Australia’s delays in passing Tranche 2 legislation compared with swift implementation in New Zealand highlights different approaches between the two countries, says Julian Fenwick.
Transparency International has recently released the Corruption Perceptions Index (CPI) for 2022. The CPI ranks 180 countries and territories around the world by their perceived levels of public sector corruption, scoring on a scale of 0 (highly corrupt) to 100 (very clean). Australia is widely regarded as one of the least corrupt countries in the world, consistently ranking high on the CPI. However, recent developments have highlighted the need for continued vigilance in the fight against corruption and money laundering.
Australia was ranked 13th on the 2022 CPI. Our neighbours in New Zealand take out equal 2nd place with Finland, with only Denmark ahead of them as the least corrupt country. One major difference between Australia and New Zealand has been Australia’s reticence to implement anti-money laundering laws which would capture gatekeeper professions such as lawyers, accountants, and real estate agents.
The Australian government has been working to pass its so-called “Tranche 2” legislation, which aims to strengthen the country’s AML/CTF framework and tighten regulations on a range of industries, including real estate, legal services, and accounting. The proposed legislation would require professionals in these fields to undergo AML and anti-corruption training, to ensure they have the knowledge and skills to identify and report suspicious activity. However, the legislation has faced numerous delays, push back from lobby groups, and concerns regarding professional privilege, causing concern among experts and organisations such as the Financial Action Task Force (FATF).
After many years of promises, Tranche 2 legislation was initially planned to be passed in 2020, but the process has been significantly delayed due to various factors, including the COVID-19 pandemic and the government’s focus on other priorities. The delay in passing the legislation has raised questions about Australia’s commitment to strengthening its AML/CTF framework and has led to criticism from FATF. The international organisation has expressed concerns about Australia’s lack of progress in implementing key recommendations, including those related to beneficial ownership information and the implementation of a risk-based approach to AML/CTF. It is hoped that the Albanese government will make the passage of this legislation a priority in 2023.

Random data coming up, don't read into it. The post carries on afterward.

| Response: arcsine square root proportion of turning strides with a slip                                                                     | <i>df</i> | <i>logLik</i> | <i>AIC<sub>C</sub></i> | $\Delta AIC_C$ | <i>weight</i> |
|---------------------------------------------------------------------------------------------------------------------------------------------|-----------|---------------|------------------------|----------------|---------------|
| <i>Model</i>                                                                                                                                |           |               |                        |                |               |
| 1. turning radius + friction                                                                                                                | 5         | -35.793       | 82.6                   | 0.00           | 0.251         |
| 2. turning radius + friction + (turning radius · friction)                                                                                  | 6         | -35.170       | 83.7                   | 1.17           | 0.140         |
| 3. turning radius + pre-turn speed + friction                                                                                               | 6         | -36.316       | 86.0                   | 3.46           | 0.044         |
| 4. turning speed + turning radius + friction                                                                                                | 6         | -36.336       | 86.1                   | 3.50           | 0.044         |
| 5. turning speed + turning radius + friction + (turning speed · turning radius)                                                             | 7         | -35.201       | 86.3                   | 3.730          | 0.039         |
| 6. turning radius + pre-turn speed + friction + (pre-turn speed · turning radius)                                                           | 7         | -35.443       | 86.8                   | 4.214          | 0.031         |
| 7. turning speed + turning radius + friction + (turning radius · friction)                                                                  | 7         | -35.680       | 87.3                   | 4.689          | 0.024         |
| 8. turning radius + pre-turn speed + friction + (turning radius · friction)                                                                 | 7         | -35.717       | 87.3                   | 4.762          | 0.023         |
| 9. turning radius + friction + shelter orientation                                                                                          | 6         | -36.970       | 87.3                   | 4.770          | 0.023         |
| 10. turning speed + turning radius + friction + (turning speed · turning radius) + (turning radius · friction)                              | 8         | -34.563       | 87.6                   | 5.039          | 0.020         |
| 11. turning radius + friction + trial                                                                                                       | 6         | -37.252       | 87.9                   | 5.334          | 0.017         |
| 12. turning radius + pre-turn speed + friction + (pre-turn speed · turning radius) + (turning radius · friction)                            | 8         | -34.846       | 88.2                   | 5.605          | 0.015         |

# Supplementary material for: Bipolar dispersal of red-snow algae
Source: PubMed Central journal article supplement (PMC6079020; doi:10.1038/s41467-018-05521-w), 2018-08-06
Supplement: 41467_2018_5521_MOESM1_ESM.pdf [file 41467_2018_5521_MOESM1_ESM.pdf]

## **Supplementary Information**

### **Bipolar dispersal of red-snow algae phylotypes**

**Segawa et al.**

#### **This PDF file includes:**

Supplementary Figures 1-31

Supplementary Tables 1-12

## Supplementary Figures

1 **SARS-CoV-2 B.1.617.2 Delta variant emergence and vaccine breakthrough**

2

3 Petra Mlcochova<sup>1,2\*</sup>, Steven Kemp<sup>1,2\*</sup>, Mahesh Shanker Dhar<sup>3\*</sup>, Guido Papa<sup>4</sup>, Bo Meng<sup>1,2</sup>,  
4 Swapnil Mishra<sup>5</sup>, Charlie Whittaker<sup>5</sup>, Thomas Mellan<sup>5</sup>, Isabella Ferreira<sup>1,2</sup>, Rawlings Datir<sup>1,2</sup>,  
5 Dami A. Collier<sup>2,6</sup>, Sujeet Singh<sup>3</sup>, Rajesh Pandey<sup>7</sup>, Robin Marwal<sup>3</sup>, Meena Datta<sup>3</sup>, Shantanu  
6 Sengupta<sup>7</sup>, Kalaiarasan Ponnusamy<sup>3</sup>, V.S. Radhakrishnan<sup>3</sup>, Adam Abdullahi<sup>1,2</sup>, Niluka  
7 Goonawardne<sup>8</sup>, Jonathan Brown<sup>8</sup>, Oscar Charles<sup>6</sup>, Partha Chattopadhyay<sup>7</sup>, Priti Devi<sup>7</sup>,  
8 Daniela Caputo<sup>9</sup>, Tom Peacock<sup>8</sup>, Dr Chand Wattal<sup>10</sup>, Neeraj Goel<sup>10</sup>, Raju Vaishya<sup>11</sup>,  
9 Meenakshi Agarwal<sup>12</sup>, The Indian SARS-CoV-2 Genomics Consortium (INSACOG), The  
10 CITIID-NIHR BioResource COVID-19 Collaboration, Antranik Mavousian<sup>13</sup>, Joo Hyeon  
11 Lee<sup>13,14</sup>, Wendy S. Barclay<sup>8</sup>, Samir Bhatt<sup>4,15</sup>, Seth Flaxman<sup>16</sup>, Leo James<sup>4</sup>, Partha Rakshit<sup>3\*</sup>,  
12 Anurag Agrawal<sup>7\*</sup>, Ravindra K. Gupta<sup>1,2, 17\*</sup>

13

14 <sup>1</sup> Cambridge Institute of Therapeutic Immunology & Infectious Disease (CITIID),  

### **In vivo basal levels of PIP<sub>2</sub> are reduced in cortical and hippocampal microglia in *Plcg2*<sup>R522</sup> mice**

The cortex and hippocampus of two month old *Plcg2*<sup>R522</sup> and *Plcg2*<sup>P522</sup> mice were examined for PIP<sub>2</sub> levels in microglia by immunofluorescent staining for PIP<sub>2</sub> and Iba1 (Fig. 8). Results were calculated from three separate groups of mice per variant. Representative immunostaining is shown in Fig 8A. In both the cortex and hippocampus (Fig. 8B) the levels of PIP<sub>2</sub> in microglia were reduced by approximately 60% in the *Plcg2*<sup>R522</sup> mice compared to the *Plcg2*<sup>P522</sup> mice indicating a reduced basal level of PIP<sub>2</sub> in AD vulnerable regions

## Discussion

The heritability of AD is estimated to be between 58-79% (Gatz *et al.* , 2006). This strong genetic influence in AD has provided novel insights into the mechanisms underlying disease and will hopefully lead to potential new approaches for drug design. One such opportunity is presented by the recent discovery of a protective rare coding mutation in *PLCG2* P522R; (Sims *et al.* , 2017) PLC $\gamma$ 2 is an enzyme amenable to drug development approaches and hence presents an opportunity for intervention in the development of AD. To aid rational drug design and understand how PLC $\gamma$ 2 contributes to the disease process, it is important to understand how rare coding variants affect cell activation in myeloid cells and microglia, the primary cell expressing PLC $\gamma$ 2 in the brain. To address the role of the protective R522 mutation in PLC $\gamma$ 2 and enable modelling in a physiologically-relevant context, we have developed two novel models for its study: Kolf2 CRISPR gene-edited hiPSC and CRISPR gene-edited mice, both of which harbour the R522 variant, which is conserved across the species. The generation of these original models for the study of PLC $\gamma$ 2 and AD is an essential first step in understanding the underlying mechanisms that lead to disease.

In comparison, New Zealand has taken a more proactive approach to implementing AML/CTF reforms. The country passed its Anti-Money Laundering and Countering Financing of Terrorism Amendment Act (AML/CFT Amendment Act 2013), which strengthens New Zealand’s AML/CTF framework by introducing new obligations for reporting entities and enhancing the role of the country’s financial intelligence unit. Phase 2 of The Act was passed in 2017 and extended the Act to include real estate agents, lawyers, accountants, conveyancers, some businesses that deal in high-value goods and betting on sports and racing.
The quick implementation of the AML/CFT Amendment Act in New Zealand shows the country’s commitment to strengthening its AML/CTF framework and addressing the concerns of international organisations like FATF.
The recent arrests in Sydney of Stephen Xin, his wife Yi Ming Wang, and Zhaohua Ma and others have shed light on the issue of money laundering through real estate in Australia. The arrests were part of a larger investigation into an alleged network of corrupt real estate agents, lawyers, and accountants who were facilitating the flow of illegal funds into and out of the country. AUD 150 million of property has been seized in what is estimated to have been a AUD 10 billion money laundering scheme.
These developments highlight the importance of bringing in the Tranche 2 regulation and training staff in high-risk industries to identify and report suspicious activity. Anti-money laundering and anti-corruption training can help ensure that professionals are aware of the risks and are equipped to handle any potential red flags.
The delays in passing Tranche 2 legislation in Australia compared with the swift implementation of reforms in New Zealand highlights the difference in approach between the two countries in addressing the issue of money laundering and terrorism financing. FATF’s concerns about Australia’s lack of progress in implementing key recommendations underscore the importance of a strong and effective AML/CTF framework. It is crucial for Australia to address these concerns and pass its Tranche 2 legislation as soon as possible to ensure that the country remains compliant with international standards and remains a trusted financial centre.
Australia’s commitment to transparency and its ongoing efforts to combat corruption and money laundering are commendable. However, the recent arrests serve as a reminder that there is always more that can be done to maintain the integrity of the country’s financial system. The delays to Tranche 2 have allowed criminal networks to flourish in Australia. As a community we all need to remain vigilant. Investing in the training of staff in high-risk industries is a crucial step in this direction and will help to ensure that Australia remains at the forefront of the fight against corruption and money laundering.
Julian Fenwick is the Managing Director and founder of Governance Risk & Compliance Solutions, a leading online compliance training company in the APAC region.